There are a couple of highlights that I do want to mention. First, conservationists who demonize the grey squirrel for causing the decline of red squirrels in England tend to ignore the role of habitat alteration and loss in their decline. Grey and red squirrels typically inhabit somewhat different environments: greys favor deciduous forests, while red squirrels prefer conifer forests. Over a period of centuries, due to both climate change and agricultural and urban development, conifer forests have largely disappeared from all but the northern reaches of England and Scotland. The remaining deciduous and mixed forests and park lands are more favorable to the grey squirrels. Thus it is not surprising that the remaining strongholds of the red squirrel are in the north, primarily in Scotland.
Second, Professor Acorn's site makes a compelling argument against the assumption that the grey squirrel is responsible for the spread of squirrel pox virus, and points to evidence that the disease was present in the early part of the twentieth century among red squirrels in areas where they had no contact with greys. He also argues that grey squirrels have developed immunity to the virus over time. Red squirrels could do the same, he argues, but have been unable to do so because in England they are weakened due to living in a marginal environment for them, one that has been made even more marginal due to alteration by humans.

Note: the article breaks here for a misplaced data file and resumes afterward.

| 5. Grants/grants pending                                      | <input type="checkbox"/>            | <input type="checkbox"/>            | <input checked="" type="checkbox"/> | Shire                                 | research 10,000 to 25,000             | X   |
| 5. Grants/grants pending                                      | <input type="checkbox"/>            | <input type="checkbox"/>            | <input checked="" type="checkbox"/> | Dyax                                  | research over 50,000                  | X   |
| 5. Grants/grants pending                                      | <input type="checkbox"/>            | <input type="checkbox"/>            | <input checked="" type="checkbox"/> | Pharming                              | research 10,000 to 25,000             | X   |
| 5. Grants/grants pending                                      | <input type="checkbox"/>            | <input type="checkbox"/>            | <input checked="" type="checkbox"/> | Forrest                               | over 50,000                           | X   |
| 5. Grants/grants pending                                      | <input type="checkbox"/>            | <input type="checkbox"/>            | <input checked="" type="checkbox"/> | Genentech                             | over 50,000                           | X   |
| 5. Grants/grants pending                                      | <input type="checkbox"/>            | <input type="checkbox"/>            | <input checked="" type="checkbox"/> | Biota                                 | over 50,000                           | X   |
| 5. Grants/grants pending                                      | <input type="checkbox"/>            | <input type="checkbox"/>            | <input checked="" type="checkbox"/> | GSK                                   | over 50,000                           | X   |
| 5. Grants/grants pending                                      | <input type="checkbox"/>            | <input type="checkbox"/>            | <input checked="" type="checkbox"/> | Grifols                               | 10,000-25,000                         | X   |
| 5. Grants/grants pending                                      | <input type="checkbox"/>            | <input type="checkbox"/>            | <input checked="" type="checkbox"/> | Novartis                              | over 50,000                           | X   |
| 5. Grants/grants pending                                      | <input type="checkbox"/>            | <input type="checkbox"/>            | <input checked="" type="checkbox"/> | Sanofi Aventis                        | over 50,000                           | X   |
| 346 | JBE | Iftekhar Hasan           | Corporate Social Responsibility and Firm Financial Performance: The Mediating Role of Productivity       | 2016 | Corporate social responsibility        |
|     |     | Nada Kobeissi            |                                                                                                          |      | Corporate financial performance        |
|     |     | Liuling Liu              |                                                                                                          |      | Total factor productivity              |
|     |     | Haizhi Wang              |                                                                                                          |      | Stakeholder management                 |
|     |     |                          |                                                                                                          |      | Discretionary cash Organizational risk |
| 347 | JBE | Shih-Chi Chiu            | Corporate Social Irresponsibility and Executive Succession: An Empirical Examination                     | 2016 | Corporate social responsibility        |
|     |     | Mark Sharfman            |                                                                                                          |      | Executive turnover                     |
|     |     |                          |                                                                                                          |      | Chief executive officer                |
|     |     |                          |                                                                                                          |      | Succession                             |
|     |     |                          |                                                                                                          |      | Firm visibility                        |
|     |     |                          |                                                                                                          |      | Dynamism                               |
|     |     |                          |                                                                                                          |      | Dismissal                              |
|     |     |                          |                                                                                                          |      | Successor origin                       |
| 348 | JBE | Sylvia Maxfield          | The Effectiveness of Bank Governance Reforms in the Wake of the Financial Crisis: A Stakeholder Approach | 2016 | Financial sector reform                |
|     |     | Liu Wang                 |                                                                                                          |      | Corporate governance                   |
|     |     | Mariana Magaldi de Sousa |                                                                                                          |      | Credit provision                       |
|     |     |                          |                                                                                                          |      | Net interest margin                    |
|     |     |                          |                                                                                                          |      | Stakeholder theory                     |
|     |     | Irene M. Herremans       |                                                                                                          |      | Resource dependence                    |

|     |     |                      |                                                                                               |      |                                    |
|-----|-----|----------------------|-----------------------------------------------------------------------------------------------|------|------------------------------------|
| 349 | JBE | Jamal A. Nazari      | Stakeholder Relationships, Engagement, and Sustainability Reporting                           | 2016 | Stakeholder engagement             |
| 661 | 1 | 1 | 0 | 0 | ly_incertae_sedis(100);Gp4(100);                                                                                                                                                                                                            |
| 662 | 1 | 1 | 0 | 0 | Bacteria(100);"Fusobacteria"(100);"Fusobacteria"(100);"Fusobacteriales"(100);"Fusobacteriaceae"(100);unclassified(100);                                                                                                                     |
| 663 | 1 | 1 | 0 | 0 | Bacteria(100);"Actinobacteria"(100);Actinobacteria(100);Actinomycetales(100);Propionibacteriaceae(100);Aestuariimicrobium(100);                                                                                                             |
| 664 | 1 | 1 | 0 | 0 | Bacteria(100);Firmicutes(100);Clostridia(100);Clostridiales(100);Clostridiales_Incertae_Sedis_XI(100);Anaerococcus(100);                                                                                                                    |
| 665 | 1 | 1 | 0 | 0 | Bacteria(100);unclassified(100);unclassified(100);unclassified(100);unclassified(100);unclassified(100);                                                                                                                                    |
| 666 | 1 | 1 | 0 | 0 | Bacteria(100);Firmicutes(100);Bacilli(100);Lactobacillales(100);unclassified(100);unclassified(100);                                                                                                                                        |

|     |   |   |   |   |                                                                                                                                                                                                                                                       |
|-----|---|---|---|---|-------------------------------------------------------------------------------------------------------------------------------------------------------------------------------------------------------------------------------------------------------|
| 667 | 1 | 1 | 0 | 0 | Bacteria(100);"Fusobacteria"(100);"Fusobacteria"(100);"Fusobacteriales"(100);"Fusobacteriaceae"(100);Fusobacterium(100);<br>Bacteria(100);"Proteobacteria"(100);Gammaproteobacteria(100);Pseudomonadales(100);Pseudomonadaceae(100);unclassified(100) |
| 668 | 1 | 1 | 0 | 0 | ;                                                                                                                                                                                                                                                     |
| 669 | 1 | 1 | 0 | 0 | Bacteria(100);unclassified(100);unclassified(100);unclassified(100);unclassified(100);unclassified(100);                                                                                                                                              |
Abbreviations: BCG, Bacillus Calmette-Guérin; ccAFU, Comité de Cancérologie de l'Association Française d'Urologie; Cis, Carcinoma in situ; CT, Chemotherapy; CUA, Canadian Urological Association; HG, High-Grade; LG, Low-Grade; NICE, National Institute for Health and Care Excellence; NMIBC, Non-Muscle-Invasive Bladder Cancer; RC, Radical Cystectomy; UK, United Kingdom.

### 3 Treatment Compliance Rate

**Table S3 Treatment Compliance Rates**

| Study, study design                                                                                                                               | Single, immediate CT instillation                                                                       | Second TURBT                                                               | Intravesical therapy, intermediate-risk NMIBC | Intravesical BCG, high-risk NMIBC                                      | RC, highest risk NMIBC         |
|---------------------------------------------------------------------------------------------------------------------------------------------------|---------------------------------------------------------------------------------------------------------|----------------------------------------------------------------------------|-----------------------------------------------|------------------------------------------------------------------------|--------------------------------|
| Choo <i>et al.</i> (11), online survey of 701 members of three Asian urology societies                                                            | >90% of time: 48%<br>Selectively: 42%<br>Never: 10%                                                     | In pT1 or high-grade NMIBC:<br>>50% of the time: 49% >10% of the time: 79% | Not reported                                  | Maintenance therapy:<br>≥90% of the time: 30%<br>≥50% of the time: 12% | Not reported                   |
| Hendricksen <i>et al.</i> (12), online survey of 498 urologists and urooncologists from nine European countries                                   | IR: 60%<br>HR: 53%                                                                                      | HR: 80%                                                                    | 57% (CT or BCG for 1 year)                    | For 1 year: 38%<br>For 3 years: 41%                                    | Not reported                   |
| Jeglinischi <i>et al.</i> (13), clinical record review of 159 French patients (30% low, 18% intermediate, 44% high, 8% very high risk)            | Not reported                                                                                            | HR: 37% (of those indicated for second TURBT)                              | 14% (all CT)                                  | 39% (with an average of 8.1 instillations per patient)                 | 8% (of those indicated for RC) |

Again, this is a fascinating site that counters many of the arguments of the "conservationists" in the UK who advocate the killing of grey squirrels. Please give it a look.